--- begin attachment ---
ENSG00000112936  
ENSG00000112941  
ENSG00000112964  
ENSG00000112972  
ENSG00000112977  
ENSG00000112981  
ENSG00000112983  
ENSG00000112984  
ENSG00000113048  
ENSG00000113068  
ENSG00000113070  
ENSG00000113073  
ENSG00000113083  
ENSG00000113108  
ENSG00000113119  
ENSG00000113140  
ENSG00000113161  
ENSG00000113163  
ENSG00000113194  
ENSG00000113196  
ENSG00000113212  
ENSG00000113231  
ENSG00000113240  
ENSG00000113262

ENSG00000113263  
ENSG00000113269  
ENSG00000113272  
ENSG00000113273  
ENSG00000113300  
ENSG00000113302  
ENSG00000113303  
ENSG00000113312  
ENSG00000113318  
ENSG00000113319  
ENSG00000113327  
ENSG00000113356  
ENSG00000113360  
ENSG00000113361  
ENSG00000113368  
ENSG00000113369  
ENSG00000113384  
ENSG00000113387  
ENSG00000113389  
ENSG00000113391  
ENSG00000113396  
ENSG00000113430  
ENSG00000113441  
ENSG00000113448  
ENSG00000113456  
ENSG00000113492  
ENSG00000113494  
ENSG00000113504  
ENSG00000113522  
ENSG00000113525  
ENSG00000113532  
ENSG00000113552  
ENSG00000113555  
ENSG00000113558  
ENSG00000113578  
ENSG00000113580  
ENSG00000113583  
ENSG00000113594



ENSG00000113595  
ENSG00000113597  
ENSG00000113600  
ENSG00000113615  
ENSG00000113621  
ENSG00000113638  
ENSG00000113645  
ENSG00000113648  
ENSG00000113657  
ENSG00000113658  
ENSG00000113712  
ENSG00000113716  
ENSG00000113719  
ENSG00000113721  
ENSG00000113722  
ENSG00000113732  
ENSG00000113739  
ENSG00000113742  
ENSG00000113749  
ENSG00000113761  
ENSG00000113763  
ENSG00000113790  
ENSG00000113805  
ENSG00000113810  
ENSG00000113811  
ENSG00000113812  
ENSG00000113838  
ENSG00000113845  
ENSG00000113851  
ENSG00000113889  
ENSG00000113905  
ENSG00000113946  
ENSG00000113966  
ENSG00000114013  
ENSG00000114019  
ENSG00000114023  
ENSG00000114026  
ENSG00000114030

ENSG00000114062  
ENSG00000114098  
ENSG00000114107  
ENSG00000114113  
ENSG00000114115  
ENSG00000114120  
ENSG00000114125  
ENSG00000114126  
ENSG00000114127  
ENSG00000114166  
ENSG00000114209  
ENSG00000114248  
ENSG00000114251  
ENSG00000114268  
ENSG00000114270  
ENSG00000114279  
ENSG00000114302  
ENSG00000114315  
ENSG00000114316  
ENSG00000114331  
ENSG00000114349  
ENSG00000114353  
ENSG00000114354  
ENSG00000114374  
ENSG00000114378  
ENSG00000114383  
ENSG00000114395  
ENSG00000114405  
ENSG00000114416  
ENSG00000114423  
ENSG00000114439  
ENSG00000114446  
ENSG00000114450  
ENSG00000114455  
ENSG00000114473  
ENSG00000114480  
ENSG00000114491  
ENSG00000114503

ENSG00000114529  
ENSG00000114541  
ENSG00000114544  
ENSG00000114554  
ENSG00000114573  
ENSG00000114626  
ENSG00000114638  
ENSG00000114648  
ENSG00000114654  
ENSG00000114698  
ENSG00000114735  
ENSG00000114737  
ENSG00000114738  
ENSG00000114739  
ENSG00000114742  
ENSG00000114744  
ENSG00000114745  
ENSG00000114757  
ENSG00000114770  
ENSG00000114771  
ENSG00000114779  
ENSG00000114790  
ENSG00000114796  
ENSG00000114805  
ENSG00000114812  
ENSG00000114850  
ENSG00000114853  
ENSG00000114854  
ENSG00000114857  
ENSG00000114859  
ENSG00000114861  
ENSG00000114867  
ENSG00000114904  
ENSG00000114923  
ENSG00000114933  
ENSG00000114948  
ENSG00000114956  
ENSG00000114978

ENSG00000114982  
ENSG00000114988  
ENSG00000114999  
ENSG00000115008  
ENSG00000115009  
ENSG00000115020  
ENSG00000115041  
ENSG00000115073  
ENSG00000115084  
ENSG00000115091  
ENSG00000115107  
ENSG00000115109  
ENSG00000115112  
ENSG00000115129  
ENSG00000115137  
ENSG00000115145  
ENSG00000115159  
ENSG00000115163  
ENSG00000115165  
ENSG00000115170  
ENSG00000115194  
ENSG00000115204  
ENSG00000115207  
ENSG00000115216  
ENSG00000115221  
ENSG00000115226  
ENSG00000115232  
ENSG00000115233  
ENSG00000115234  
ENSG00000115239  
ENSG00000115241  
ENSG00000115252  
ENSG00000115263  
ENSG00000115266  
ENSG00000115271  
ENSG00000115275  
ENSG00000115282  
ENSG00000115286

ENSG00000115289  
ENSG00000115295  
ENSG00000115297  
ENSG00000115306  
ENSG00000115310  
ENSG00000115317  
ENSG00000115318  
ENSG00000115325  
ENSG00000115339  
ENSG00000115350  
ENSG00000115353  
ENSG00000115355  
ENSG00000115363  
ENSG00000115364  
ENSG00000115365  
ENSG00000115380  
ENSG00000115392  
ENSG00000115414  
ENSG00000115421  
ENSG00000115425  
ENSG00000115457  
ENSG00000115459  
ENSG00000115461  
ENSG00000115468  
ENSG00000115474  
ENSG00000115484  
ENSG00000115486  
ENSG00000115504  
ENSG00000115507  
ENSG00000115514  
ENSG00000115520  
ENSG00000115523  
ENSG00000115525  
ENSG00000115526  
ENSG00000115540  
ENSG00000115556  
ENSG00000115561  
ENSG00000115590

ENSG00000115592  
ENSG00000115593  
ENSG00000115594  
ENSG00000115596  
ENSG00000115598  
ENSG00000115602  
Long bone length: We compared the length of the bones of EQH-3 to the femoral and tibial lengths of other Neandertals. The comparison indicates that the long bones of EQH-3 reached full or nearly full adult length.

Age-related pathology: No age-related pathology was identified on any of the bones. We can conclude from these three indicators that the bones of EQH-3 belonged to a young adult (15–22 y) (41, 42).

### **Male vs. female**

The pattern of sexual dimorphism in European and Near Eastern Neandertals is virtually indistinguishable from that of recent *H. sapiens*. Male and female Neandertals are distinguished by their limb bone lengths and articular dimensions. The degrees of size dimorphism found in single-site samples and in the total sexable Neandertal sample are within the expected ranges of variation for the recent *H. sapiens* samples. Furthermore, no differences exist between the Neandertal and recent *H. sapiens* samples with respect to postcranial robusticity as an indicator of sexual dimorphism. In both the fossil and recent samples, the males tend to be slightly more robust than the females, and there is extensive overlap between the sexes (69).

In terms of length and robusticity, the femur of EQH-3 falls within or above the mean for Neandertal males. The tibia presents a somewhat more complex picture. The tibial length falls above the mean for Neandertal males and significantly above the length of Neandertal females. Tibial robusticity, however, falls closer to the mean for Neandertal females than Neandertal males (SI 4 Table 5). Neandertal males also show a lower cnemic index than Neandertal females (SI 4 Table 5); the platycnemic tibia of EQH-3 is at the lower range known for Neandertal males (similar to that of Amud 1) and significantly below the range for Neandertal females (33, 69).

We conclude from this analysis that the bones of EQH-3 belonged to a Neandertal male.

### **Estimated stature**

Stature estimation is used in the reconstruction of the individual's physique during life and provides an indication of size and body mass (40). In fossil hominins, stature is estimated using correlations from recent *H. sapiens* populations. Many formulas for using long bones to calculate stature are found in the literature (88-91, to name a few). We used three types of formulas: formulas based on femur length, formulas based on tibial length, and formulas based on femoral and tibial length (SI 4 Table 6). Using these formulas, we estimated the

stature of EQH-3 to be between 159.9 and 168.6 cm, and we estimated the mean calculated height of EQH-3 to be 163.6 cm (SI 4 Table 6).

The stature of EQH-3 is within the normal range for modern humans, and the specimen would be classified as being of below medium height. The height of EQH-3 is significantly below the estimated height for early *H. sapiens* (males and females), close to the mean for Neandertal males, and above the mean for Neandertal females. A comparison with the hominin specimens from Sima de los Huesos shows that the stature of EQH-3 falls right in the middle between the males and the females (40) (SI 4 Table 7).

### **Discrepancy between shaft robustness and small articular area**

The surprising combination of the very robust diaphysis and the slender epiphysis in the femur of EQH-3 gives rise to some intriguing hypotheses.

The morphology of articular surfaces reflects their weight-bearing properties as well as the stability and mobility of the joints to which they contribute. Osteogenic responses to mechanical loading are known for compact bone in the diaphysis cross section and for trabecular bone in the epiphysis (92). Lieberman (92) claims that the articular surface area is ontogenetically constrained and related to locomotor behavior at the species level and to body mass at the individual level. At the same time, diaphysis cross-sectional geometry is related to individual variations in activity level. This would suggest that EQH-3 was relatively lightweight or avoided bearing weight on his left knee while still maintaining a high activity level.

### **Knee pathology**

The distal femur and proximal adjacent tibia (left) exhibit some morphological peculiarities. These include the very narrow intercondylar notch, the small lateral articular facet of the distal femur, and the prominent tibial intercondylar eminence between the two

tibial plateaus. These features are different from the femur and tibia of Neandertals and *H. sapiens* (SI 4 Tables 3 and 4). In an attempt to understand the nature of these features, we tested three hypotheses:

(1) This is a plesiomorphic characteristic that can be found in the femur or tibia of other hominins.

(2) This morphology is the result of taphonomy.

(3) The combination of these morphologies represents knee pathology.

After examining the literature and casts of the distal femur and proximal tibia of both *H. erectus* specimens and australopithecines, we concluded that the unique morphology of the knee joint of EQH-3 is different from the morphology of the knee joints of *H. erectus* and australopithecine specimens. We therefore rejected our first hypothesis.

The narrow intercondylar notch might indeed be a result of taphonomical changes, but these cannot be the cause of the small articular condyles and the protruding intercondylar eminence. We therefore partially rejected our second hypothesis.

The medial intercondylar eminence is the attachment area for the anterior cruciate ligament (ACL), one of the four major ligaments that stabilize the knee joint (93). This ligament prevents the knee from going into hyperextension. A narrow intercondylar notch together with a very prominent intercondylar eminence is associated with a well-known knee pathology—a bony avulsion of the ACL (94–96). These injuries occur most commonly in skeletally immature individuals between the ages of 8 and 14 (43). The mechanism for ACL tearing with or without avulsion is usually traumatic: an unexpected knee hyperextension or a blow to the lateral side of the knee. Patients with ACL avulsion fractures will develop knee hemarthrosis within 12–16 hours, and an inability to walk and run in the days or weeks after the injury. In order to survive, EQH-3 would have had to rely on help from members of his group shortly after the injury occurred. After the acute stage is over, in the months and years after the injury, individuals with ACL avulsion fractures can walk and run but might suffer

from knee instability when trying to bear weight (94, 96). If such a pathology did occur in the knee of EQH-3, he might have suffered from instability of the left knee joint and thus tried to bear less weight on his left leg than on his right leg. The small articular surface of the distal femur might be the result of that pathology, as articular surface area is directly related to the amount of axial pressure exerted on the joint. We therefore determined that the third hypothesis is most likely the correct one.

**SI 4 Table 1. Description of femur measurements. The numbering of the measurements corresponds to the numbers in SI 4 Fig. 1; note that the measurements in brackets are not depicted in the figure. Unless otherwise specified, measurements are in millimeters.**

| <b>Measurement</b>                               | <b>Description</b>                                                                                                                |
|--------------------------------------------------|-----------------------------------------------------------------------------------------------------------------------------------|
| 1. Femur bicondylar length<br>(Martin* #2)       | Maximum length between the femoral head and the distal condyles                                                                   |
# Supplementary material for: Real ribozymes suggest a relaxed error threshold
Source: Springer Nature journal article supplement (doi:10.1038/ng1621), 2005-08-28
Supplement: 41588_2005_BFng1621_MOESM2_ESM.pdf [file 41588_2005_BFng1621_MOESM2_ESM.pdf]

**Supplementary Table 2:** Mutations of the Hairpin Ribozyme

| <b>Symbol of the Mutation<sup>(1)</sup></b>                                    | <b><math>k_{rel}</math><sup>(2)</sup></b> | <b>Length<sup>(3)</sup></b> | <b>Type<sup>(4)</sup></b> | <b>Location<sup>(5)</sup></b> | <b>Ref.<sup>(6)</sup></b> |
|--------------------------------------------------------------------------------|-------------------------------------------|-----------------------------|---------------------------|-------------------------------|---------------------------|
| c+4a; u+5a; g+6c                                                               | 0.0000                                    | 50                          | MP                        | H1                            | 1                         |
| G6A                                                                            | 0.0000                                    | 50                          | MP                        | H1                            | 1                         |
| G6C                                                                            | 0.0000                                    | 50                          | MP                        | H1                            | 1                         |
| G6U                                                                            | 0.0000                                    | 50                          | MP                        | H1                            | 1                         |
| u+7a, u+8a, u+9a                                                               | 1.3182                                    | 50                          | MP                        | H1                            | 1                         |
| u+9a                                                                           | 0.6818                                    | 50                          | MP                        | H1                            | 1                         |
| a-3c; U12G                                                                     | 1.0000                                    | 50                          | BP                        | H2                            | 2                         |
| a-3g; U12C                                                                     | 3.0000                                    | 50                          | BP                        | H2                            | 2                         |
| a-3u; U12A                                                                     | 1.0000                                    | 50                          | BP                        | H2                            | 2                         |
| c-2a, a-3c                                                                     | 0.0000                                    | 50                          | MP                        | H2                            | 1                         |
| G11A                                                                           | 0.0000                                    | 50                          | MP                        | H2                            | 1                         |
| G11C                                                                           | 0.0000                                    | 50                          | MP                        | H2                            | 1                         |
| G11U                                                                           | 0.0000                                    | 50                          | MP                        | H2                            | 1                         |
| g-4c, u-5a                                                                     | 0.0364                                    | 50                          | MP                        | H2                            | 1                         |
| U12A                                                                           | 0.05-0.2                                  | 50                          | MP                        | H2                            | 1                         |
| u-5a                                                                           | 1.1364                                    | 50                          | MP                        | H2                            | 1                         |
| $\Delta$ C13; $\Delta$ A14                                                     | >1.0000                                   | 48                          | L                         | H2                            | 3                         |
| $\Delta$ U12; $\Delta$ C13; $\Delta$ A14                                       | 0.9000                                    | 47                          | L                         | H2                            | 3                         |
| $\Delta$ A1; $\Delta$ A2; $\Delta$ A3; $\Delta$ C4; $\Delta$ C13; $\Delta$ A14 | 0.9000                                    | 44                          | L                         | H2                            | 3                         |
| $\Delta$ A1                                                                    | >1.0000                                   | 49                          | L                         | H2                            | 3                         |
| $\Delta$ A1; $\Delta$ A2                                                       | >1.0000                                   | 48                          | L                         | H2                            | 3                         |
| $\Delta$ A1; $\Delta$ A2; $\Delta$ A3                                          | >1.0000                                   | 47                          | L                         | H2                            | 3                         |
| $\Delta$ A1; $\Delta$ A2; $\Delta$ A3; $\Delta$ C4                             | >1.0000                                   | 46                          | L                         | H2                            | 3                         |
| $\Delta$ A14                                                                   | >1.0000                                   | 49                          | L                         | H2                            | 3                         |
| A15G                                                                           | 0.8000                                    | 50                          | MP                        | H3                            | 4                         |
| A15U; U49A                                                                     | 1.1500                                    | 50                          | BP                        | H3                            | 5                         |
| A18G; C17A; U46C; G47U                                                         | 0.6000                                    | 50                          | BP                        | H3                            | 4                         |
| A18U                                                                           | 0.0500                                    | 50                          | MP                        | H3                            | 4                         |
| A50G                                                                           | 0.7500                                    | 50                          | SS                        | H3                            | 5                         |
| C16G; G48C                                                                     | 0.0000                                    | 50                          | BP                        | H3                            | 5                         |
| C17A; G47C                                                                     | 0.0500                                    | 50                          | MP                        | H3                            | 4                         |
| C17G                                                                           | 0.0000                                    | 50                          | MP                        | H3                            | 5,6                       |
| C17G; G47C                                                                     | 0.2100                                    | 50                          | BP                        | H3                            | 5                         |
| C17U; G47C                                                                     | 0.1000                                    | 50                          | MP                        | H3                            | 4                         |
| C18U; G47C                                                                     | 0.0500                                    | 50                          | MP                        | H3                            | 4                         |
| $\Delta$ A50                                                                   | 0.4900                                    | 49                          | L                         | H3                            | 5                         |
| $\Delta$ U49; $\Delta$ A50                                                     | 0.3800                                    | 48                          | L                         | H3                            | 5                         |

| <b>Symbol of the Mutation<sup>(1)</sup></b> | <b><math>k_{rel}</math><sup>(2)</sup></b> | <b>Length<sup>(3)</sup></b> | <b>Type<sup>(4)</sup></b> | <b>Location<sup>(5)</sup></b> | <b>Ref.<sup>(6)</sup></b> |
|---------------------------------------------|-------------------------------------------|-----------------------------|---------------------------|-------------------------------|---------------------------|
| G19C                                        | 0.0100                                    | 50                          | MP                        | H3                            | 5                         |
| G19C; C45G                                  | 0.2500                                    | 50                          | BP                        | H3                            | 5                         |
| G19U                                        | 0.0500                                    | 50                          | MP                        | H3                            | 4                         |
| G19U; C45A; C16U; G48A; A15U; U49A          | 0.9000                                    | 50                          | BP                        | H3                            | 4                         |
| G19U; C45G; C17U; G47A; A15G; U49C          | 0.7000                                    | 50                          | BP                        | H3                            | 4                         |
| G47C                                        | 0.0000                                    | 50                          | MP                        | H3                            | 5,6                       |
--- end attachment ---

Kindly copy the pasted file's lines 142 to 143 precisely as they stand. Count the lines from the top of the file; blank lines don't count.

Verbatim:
ENSG00000114554  
ENSG00000114573  